While American railways, and those Canadian railways operating in the U.S. are legally mandated to adopt PTC systems, no such legislation exists or is even on the table in Canada.

Some Canadian politicians have called for legislation to mandate PTC systems. Canadian Sailings contacted Transport Canada to enquire whether or not a new government may have different ideas about PTC. Transport Canada responded, saying, “Most urban rail transit systems in Canada have some form of automated train control. This includes the ability to automatically track movements and the locations of trains. Transport Canada is closely monitoring the U.S. experience with PTC in order to better understand the challenges of implementing this type of technology and is working with industry to assess what type of train control technologies could be applied in Canada to the greatest benefit.”

North American railroads get an extension for implementation

Including the 2012 report, referenced at the beginning of this article, the TSB said it conducted five different investigations in recent years that found misinterpretation of signals caused or contributed to collisions or derailments. As a result of those investigations, the TSB recommended Transport Canada implement “fail-safe” train controls, such as positive train control, on high-speed rail corridors. “Additional defences that have already been developed … would have prevented this accident,” the TSB said.

Meanwhile, in October 2015, Congress passed the Surface Transportation Extension Act of 2015, which provided a three-year extension for installation of PTC. The new law also allowed up to two additional years to finalize full implementation and testing of PTC provided the railroads meet specific benchmarks. Railroads will regularly report to the US Department of Transportation on their progress. At the time, the Association of American Railroads said that developing and implementing the system across a 96,500-kilometre rail network is an “unprecedented technical and operational challenge,” adding that railway companies have collectively spent $5-billion installing the on-board locomotive systems, track-side signals and related technology.

The technology is not-off-the shelf, and has been developed from scratch. Engineering experts note that PTC isn’t just about plugging in or turning on components. Rather it is a complex step-by-step process, both in terms of safety engineering and implementation. The same engineers say that field testing of PTC is essential for safely deploying the technology and will be a critical focus for the rail industry. A February 2016 report in Railway Age magazine points out that currently, rail operators are discovering failure rates of up to 40 per cent as they install and test PTC equipment in PTC labs and designated pilot territories. The technology will be overlay systems, meaning they will supplement existing train safety checks and balances.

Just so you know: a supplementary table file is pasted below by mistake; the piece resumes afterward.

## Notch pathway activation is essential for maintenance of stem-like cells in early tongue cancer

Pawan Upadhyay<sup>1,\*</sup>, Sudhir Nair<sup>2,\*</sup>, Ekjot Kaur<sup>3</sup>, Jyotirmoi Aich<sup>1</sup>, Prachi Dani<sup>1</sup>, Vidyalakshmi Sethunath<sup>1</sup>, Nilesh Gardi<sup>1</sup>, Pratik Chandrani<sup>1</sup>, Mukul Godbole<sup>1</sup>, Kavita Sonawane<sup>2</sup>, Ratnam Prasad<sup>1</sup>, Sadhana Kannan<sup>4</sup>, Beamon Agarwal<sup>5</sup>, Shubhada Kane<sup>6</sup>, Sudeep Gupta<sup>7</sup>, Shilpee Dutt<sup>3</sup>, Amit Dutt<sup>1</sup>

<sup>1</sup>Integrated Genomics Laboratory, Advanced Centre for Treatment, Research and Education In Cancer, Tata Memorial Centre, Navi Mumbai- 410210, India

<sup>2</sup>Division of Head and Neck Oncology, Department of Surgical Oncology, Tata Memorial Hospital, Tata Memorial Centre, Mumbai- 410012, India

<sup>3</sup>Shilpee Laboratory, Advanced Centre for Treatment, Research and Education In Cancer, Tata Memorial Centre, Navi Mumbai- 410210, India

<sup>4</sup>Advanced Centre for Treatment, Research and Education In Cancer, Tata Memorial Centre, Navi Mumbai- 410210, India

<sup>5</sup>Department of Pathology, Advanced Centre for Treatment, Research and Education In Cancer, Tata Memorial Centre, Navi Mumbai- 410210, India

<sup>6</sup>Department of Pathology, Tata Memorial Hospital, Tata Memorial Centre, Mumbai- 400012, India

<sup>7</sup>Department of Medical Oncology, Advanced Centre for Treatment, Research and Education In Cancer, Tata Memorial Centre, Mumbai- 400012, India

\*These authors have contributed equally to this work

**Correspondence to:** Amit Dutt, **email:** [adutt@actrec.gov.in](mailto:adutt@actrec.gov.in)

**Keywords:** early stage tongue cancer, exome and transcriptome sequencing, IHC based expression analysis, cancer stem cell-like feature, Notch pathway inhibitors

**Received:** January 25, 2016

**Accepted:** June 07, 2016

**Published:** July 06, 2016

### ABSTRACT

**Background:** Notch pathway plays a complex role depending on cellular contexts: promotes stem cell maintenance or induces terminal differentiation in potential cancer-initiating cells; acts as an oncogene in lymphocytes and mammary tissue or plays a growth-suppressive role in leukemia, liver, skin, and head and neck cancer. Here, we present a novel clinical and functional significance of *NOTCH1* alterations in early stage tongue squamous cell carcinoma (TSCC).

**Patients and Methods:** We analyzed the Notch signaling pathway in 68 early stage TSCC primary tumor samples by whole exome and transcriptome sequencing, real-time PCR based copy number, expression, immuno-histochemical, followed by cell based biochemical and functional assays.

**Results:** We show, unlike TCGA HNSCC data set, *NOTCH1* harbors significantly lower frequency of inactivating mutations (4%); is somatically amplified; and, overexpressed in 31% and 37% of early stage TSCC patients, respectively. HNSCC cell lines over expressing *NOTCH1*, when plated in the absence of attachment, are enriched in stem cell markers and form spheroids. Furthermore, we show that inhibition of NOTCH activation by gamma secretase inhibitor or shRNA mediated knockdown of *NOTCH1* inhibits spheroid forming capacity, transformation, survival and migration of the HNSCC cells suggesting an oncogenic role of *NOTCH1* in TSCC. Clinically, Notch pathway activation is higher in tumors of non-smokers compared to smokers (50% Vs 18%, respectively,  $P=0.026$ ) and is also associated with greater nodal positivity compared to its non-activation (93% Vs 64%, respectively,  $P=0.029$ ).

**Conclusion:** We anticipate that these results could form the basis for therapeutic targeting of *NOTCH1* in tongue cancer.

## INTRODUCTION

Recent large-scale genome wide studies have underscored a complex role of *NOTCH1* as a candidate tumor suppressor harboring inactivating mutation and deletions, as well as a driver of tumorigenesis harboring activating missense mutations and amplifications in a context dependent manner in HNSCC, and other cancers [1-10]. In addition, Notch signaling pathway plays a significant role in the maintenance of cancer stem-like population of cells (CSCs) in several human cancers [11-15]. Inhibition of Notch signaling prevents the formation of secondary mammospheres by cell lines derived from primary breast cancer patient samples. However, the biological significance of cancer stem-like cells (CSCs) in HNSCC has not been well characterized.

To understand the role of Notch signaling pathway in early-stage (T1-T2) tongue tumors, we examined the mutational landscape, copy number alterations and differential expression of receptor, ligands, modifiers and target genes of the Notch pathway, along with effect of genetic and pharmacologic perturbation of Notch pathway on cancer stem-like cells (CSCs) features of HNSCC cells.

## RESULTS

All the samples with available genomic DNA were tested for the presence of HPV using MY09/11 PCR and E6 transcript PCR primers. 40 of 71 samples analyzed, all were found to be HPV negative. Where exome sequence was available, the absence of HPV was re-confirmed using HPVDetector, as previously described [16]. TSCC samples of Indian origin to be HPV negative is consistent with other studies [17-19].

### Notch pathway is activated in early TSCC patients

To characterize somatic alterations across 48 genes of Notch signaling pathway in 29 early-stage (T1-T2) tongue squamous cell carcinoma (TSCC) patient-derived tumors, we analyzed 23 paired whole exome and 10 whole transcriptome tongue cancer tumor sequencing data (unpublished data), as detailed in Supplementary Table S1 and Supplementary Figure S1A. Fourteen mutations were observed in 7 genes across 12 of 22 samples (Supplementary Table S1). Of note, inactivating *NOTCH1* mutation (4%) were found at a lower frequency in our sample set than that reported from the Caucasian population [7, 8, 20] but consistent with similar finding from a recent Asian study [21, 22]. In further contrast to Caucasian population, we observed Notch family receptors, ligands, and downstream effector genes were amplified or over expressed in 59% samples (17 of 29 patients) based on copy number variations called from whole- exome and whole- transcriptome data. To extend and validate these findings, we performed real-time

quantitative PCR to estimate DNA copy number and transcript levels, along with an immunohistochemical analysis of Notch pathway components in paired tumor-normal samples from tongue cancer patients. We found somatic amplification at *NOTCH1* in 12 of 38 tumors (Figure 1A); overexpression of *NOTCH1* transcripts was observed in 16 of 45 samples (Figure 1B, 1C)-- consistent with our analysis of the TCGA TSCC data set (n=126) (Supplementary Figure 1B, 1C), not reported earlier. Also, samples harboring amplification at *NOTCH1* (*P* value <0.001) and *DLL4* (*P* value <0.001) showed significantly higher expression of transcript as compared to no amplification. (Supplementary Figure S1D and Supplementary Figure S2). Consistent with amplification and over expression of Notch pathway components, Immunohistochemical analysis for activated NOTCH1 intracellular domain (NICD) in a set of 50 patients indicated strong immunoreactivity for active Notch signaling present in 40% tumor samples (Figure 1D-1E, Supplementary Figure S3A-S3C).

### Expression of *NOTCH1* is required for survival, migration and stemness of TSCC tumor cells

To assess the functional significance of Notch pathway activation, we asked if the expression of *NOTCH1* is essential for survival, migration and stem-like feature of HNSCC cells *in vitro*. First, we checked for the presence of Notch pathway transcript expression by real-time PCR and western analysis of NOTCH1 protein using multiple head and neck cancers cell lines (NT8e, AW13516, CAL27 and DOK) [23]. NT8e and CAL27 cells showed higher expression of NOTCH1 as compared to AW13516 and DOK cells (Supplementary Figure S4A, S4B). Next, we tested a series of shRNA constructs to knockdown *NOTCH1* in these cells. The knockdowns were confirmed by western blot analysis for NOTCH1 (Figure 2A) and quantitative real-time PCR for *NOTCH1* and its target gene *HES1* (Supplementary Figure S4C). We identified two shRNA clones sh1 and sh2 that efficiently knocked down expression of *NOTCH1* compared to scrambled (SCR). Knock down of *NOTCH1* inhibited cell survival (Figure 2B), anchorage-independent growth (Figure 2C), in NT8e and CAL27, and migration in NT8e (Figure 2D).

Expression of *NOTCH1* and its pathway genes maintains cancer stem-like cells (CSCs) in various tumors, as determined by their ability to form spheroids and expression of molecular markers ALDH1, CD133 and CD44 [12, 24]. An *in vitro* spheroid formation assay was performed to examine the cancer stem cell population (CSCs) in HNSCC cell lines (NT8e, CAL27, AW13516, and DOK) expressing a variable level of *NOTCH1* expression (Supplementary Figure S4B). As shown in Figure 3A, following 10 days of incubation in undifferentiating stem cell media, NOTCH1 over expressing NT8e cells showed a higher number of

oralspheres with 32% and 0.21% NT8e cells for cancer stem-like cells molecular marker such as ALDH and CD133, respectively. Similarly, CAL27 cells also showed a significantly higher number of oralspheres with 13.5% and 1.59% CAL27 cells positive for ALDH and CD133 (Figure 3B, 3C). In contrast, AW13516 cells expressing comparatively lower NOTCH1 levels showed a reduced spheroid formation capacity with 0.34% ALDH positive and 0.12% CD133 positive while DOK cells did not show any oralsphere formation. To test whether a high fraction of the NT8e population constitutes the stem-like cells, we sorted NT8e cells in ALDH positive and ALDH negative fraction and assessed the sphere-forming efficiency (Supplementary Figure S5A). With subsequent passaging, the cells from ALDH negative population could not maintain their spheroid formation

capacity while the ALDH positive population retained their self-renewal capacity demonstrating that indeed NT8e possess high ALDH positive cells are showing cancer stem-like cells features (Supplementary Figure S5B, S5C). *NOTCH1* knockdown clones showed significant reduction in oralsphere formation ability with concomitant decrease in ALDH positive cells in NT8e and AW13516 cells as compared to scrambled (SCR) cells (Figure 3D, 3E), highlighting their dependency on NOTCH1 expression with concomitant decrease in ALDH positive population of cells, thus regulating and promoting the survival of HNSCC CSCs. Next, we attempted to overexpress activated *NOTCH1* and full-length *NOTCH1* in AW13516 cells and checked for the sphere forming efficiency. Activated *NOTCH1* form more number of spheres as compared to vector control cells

A good system, but not infallible

While PTC may represent the best in train safety as far as current technology affords, it is not flawless and, on its own, will not prevent all rail incidents. Information from the United States Department of Transportation’s Federal Railroad Administration (FRA) indicates that PTC systems have the ability to prevent train-to-train collisions, over-speed derailments, incursions into work zones and train movement through a misaligned or improperly lined switch.

However, the technology is not able to prevent low-speed collisions from permissive block operations (where trains may continue on a line even though it is occupied, as long as it is slow enough to stop safely); shoving accidents or bumping into something when a train is reversing; derailments caused by a mechanical failure in the train or track; or grade crossing and track incursion collisions.

For many in the industry, the need for automated train controls in Canada was underscored by the fatal Via Rail 2012 crash in Burlington, Ont. The Transportation Safety Board’s investigation concluded the crew misinterpreted the signals and failed to slow the train in order to safely make a crossover to an adjacent track. A spokesperson from Transport Action Canada, a public transportation advocacy group in Ottawa, notes that, “Until an automated, physical defence system is in place as a fail-safe against operator mistakes, fatal derailments like the one in Burlington, although rare, remain a very real risk for those who work and ride on Canada’s rails.”